Revisiting absolute and relative judgments in the WITNESS model

Dustin Fife, Colton Perry, Scott D. Gronlund

Research output: Contribution to journalArticlepeer-review

11 Scopus citations


The WITNESS model (Clark in Applied Cognitive Psychology 17:629-654, 2003) provides a theoretical framework with which to investigate the factors that contribute to eyewitness identification decisions. One key factor involves the contributions of absolute versus relative judgments. An absolute contribution is determined by the degree of match between an individual lineup member and memory for the perpetrator; a relative contribution involves the degree to which the best-matching lineup member is a better match to memory than the remaining lineup members. In WITNESS, the proportional contributions of relative versus absolute judgments are governed by the values of the decision weight parameters. We conducted an exploration of the WITNESS model's parameter space to determine the identifiability of these relative/absolute decision weight parameters, and compared the results to a restricted version of the model that does not vary the decision weight parameters. This exploration revealed that the decision weights in WITNESS are difficult to identify: Data often can be fit equally well by setting the decision weights to nearly any value and compensating with a criterion adjustment. Clark, Erickson, and Breneman (Law and Human Behavior 35:364-380, 2011) claimed to demonstrate a theoretical basis for the superiority of lineup decisions that are based on absolute contributions, but the relationship between the decision weights and the criterion weakens this claim. These findings necessitate reconsidering the role of the relative/absolute judgment distinction in eyewitness decision making.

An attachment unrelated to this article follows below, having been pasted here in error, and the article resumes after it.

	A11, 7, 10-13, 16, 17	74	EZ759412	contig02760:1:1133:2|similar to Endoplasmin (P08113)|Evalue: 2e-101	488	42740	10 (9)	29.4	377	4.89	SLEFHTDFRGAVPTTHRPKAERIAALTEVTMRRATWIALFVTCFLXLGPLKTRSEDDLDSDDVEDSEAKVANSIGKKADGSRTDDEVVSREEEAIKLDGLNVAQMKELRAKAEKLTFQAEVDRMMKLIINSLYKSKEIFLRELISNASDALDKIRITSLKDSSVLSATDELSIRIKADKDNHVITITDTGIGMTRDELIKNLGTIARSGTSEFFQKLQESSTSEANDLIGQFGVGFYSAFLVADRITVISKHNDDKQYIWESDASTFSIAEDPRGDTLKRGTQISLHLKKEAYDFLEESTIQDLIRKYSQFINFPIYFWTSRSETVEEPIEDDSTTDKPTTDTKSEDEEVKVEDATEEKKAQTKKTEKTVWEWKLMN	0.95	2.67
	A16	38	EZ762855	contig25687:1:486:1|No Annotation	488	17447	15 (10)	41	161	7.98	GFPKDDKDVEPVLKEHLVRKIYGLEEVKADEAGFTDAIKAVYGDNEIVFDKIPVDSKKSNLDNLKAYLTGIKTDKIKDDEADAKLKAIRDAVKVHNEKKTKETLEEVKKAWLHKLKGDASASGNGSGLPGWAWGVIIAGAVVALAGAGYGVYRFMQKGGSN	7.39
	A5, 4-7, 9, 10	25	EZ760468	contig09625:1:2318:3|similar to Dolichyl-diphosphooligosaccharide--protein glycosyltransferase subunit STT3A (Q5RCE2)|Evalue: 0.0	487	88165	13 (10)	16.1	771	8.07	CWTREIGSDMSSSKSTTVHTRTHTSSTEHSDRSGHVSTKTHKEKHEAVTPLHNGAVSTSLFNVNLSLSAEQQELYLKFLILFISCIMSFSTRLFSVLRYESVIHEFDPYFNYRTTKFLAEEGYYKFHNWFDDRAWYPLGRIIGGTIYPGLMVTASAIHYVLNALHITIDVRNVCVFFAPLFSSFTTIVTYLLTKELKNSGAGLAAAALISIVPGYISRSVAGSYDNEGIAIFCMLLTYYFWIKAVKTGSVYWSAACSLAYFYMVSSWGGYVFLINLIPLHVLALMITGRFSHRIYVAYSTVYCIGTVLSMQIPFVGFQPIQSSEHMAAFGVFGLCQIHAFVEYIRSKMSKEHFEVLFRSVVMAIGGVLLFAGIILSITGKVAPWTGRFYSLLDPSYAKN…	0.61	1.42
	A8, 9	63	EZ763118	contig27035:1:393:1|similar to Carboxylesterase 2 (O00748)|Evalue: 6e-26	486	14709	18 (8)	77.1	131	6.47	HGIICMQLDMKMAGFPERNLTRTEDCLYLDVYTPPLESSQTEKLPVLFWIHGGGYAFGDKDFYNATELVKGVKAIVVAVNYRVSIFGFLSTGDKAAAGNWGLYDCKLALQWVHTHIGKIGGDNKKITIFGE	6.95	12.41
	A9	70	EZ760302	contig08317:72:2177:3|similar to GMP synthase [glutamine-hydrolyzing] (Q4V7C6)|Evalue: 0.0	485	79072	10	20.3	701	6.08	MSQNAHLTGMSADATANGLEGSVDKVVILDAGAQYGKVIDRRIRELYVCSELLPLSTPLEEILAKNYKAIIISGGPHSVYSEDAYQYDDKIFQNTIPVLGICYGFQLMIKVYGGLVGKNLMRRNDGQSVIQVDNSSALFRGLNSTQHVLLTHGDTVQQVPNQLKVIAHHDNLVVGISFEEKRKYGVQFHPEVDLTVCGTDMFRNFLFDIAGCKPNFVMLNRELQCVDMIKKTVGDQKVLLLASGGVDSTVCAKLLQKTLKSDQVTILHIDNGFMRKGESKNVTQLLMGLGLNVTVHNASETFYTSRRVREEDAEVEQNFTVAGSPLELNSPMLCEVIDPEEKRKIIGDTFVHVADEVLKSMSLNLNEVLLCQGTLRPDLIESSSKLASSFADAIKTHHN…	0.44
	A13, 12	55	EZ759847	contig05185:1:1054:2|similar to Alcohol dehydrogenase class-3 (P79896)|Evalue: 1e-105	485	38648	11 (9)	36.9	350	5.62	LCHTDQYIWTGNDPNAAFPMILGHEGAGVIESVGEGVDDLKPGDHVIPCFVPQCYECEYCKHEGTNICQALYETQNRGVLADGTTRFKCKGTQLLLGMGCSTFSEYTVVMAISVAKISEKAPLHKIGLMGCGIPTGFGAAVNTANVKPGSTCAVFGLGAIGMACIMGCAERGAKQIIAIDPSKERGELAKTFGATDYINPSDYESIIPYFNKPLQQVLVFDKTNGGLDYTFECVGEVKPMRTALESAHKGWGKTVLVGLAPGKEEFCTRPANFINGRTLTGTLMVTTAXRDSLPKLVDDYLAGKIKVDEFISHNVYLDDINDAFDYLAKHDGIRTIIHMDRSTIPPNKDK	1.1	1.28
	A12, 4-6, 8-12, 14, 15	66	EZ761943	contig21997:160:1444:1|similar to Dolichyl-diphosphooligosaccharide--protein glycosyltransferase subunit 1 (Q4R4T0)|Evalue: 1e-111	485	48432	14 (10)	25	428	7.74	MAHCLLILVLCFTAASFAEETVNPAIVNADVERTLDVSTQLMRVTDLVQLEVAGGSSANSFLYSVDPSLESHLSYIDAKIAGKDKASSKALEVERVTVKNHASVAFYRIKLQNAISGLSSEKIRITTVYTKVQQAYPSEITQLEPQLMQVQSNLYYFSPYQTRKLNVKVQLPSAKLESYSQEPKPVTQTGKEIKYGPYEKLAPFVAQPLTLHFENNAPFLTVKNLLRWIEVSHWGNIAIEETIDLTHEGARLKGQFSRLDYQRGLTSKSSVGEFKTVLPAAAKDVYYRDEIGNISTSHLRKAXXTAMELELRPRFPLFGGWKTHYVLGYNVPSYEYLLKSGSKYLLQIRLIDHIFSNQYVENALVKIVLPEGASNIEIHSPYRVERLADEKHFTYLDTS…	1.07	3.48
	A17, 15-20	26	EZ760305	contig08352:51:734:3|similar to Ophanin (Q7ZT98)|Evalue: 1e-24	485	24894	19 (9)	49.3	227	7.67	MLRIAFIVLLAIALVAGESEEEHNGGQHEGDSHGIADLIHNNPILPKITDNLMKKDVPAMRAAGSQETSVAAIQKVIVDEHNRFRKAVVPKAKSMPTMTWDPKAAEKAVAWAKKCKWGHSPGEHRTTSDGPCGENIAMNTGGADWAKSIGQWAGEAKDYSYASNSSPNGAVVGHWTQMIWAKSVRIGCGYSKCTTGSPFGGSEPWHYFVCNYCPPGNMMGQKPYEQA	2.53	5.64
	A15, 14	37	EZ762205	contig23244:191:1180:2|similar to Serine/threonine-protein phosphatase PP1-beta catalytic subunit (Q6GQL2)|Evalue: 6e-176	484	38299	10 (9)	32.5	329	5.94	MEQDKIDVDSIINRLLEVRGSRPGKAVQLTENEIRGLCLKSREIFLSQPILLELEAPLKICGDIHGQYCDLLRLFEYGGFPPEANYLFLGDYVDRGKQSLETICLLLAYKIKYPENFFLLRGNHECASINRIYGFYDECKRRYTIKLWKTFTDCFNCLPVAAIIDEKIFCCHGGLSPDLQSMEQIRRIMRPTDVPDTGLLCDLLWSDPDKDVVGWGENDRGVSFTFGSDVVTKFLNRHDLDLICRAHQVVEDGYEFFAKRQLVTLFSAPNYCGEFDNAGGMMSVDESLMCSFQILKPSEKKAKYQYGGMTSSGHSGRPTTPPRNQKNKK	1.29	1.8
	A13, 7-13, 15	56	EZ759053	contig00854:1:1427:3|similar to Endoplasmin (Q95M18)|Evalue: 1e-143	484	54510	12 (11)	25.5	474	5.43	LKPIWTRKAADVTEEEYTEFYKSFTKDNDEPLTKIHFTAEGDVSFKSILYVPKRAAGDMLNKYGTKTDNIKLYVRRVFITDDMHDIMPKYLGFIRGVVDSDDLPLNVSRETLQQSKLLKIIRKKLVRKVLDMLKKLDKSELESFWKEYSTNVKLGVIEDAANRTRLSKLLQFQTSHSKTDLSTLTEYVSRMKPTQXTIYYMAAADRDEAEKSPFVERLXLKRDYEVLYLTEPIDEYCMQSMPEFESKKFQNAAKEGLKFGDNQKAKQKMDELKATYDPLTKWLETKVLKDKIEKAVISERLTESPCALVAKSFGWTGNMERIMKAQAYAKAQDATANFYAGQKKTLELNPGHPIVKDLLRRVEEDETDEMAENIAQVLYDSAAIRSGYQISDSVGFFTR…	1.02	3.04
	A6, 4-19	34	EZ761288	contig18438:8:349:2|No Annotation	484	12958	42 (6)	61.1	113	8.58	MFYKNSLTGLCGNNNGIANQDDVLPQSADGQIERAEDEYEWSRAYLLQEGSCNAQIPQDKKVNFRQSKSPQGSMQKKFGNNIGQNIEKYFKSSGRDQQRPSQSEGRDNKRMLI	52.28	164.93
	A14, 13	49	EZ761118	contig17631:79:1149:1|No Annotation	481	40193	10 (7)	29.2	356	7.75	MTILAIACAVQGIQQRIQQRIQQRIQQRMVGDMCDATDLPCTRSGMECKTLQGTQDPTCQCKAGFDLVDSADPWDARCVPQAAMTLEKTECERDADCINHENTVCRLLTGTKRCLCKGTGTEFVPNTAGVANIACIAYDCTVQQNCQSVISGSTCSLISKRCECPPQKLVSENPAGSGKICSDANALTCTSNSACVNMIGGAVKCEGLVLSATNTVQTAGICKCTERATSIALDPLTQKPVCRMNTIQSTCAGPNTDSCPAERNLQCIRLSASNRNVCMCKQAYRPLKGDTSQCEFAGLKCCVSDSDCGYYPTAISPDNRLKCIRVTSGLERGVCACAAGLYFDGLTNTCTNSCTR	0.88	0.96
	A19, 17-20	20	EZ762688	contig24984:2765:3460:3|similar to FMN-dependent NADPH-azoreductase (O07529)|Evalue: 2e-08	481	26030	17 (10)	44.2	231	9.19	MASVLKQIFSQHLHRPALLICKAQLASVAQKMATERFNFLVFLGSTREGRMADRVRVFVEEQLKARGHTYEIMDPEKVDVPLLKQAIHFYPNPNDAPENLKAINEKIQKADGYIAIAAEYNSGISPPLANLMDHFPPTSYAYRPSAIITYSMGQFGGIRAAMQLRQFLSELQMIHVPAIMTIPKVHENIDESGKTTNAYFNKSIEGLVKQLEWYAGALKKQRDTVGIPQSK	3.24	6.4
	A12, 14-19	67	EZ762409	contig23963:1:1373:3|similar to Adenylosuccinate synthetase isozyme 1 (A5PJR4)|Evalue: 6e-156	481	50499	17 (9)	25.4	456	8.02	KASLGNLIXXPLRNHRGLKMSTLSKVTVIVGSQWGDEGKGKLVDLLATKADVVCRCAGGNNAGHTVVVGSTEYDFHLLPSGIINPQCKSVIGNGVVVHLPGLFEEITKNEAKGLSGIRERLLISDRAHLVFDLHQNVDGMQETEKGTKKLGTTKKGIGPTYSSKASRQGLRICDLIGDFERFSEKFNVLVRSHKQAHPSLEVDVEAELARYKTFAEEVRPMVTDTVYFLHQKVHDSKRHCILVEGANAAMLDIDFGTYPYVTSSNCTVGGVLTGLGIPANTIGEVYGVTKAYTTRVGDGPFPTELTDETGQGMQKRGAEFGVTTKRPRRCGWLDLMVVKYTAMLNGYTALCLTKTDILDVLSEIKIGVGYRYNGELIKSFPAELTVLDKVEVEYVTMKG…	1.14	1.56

Original languageEnglish (US)
Pages (from-to)479-487
Number of pages9
JournalPsychonomic Bulletin and Review
Issue number2
StatePublished - Apr 2014
Externally publishedYes

All Science Journal Classification (ASJC) codes

  • Experimental and Cognitive Psychology
  • Developmental and Educational Psychology
  • Arts and Humanities (miscellaneous)


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